A 30% chance in the next 86 years and only 42 hours’ notice.  It’s time to make project management optimum a national priority.

Government IT

A Vision for a New Era of Project Management – Bootstrapping a Solar System Civilization

The White House Office of Science and Technology Policy asked for entrepreneurs and visionaries to submit their ideas for bootstrapping a solar system civilization.  OK, here you go.

The Inefficiency Tax – Huge Friction At Any Mass

Regardless of how we attempt our immigration to other worlds, bootstrap or pay today’s estimated full price, an inefficiency tax will be levied.  In a 2012 study, McKinsey & Company found “On average, large IT projects run 45 percent over budget and 7 percent over time, while delivering 56 percent less value than predicted.”  It is very likely that the average inefficiency tax is more like 50 percent, as IT projects are much more mature than most corporate projects.

However, we do not have to pay this tax.  We can overcome this tax.  We can enjoy refunds from an ever increasing efficiency.

The greatest payoff, one that will impact every facet of the civilization of space, is to become project management optimum.  Projects are the delivery mechanism, the new assembly line, for anything of real value.  In fact, Tom Peters has said, “All work of economic value is project work.”  Yet, due to our inefficiency in planning and executing project work, everything we do costs more, takes longer, and delivers less than we planned.  If we have any hope of becoming solar system migratory, we must become project management optimum.  Project management optimum delivers at six sigma: on time, within ±5 percent of cost, and with more scope/stories than originally planned.  Project management optimum will stop the levying of an inefficiency tax.

Many trends are moving us toward project management optimum.  Overall, project management maturity has increased, with the importance of the project now seen in all areas of the corporate world.  Marketing gets that it too is project driven.  The CFO has become a believer.  GSA even conducted a vision for the future on for public sector program management.  However, the most impactful trend is the over hyped, yet powerful reality of big data.  Big data – the variable resolver.

That’s what projects do, they resolve variables.  At their best, projects anticipate variables.  At their optimum, projects identify and help communicate the choices of the variables while recommending a best course of action.  As projects become more complex, variables increase on the exponential slope.  While we humans are great at spoting patterns and trends, project management artifacts do not lend themsleves to easy pattern or trend recognition.  We need to rethink the summation of project artifacts in project management optimum.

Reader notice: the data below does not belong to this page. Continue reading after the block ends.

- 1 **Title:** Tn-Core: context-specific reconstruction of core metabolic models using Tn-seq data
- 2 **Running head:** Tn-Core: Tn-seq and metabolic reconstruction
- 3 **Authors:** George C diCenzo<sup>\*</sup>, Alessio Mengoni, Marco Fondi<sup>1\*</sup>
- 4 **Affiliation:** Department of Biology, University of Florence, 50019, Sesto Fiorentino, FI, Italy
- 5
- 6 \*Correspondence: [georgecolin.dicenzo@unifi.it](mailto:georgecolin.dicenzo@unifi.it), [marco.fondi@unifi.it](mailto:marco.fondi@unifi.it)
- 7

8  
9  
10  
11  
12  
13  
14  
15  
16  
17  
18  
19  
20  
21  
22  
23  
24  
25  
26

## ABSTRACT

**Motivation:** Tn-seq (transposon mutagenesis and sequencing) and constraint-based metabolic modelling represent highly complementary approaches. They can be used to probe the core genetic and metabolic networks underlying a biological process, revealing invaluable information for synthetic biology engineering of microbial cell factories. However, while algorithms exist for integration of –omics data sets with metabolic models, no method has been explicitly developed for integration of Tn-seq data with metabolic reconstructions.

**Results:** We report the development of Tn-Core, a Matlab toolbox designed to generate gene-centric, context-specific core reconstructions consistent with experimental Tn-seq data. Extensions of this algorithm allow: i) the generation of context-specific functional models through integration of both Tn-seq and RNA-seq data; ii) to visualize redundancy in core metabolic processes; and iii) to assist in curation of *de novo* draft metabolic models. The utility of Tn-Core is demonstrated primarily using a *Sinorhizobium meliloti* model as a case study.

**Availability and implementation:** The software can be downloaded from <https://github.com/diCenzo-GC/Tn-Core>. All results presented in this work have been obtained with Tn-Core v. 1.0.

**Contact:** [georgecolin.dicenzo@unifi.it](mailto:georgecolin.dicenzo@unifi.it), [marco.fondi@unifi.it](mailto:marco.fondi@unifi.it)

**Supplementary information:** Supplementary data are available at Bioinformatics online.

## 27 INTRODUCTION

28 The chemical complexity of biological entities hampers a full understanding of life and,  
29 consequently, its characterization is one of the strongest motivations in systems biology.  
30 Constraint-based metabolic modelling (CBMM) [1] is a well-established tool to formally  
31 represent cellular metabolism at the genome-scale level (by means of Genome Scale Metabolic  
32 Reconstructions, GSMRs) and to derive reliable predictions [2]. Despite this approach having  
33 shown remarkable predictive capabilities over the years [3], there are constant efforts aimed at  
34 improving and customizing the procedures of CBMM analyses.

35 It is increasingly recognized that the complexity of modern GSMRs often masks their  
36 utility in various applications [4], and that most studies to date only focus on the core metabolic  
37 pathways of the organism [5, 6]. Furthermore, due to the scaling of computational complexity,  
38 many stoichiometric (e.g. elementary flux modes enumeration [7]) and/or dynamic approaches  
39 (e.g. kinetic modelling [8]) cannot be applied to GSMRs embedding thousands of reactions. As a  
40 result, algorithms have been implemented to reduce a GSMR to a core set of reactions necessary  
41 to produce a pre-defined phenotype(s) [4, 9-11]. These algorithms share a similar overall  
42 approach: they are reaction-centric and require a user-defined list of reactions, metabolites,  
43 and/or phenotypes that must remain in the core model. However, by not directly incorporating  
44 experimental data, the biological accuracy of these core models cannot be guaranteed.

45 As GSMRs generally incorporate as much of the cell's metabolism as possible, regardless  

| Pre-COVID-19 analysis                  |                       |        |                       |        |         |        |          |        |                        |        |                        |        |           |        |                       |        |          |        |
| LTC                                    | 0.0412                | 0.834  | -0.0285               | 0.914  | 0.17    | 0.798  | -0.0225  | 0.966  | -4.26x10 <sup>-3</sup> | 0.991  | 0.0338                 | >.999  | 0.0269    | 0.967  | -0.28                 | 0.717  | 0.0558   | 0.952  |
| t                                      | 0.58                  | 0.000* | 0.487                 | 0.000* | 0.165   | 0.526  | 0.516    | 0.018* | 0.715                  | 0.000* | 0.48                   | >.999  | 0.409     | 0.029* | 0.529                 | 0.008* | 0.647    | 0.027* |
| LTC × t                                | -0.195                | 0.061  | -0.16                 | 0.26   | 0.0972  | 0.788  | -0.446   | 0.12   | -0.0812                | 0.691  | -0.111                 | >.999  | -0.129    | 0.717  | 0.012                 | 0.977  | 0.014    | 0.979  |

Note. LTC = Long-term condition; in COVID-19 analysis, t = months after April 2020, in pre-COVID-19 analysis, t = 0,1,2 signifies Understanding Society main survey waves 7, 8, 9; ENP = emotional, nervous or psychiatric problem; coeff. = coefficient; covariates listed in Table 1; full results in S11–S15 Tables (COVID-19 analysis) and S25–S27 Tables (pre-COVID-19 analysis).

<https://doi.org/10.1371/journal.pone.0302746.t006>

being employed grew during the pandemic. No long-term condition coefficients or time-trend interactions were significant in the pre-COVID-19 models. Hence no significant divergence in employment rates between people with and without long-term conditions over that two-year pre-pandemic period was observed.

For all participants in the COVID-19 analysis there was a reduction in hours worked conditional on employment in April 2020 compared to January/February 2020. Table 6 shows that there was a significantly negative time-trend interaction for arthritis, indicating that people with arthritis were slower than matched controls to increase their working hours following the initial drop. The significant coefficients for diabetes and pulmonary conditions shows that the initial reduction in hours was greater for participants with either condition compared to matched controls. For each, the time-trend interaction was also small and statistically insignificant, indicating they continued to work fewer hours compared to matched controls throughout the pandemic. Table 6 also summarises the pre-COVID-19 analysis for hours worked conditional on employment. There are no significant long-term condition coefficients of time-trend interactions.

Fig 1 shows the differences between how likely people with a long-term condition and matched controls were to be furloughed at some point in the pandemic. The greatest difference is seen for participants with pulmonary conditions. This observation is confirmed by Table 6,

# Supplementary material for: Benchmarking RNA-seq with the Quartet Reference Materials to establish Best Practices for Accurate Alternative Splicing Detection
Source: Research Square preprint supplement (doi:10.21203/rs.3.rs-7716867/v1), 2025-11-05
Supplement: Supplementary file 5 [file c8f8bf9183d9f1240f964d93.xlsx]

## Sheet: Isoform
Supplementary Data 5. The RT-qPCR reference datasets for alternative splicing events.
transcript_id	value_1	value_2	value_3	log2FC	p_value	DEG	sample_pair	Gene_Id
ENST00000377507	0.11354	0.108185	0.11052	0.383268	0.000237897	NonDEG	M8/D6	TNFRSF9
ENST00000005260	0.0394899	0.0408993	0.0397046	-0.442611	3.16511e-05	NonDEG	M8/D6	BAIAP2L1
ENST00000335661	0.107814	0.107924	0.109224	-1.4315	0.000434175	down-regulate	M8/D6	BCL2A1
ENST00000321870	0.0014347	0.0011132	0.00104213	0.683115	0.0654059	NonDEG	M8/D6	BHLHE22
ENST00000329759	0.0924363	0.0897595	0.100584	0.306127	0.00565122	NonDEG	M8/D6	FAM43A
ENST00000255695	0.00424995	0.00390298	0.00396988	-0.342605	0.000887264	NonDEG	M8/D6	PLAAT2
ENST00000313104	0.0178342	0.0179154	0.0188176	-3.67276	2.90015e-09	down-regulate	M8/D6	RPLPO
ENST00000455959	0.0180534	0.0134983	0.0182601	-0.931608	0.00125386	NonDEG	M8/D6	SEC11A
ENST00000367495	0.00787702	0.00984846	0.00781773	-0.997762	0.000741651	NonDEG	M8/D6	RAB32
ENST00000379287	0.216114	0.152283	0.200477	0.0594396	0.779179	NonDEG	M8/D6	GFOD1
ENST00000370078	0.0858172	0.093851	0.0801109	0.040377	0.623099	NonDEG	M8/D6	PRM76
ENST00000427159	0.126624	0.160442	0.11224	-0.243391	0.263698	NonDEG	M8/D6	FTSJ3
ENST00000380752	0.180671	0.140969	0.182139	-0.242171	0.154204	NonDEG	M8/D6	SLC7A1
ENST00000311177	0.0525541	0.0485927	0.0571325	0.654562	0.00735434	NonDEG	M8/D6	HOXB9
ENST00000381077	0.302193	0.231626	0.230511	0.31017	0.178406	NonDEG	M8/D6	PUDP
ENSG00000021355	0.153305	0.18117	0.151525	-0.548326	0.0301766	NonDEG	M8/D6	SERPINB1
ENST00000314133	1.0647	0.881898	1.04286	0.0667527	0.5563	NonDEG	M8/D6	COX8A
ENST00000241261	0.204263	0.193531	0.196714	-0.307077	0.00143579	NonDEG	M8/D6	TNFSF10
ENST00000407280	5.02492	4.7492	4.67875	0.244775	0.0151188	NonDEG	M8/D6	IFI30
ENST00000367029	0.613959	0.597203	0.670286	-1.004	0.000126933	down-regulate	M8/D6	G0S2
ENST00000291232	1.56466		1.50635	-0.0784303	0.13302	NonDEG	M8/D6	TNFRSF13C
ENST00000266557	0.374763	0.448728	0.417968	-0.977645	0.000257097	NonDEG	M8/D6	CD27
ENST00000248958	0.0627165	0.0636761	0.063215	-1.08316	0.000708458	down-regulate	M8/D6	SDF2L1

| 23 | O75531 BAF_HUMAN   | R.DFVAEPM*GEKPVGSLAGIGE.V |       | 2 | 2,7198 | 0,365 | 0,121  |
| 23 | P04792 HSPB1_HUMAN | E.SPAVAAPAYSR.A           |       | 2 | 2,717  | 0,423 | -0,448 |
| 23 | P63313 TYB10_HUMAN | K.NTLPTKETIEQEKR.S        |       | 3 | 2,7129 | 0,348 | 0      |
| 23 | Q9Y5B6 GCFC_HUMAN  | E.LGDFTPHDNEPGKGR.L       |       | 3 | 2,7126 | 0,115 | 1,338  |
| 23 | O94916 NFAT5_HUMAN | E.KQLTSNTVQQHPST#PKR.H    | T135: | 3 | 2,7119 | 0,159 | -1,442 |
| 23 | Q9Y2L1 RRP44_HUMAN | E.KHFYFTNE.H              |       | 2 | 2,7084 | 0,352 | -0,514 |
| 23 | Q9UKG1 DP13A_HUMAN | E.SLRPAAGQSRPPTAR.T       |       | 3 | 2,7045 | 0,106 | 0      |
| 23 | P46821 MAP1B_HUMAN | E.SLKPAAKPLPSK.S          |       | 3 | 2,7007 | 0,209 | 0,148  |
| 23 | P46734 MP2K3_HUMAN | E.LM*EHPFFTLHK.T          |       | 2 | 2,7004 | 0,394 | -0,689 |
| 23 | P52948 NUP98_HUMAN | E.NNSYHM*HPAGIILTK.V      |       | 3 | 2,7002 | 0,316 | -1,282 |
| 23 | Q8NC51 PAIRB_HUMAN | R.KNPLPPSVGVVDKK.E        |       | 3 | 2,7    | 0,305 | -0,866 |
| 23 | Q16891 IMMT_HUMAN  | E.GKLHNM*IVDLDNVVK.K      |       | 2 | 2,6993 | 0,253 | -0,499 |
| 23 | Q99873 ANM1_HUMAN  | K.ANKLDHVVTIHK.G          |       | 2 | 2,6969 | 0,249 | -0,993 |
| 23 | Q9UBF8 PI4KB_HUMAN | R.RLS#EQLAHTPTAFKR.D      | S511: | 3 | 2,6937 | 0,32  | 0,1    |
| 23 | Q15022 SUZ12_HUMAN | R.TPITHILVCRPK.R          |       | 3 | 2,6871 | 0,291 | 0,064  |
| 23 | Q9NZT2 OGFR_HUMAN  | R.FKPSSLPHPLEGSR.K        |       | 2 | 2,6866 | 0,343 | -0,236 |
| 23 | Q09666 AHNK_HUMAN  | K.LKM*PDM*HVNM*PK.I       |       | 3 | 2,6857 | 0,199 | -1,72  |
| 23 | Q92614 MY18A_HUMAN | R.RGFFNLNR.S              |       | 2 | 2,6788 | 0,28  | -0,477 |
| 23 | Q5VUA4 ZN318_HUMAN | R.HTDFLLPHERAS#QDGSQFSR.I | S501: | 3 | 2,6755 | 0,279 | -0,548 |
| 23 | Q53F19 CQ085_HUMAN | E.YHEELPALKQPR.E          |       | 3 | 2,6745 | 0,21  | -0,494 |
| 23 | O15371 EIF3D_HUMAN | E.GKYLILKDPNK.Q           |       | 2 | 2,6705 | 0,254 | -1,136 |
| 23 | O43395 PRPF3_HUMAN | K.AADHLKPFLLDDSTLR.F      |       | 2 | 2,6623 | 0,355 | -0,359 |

Thus, the call for mining lexemes in my winning paper.  Lexeme is defined as a basic lexical unit of a lexicon, consisting of one word or several words, considered as an abstract unit, and applied to a family of words related by form or meaning.  Semantic similarity.

Amazon buying recommendations, Google search, Facebook friend do-you-knows and NSA phone call metadata analysis have demonstrated that graph theory and small world algorithms are very accurate forecasters.  To get to project management optimum, we must build context specific graphs of lexemes at work in projects.  We must build these models pan-project, pan-program, and pan-nation/language.  We must define protocols for sharing lexemes and their metadata.  We must discover new insights into language and the short term evolution of language to identify trending lexemes that are nearing meme-birth.  Memes, when viral, are the project’s best friend, yet many times, its worst enemy.  Best to know which.

I believe like Carl Sagan that, “Exploration is in our nature.  We began as wanderers, and we are wanderers still.  We have lingered long enough on the shores of the cosmic ocean.  We are ready at last to set sail for the stars.”  It’s a long trip, though.  Let’s start our journey with project management optimum.  Of all the technologies that we will have to enhance or invent, becoming project management optimum will be by far the cheapest.  However, it may well have the most impact.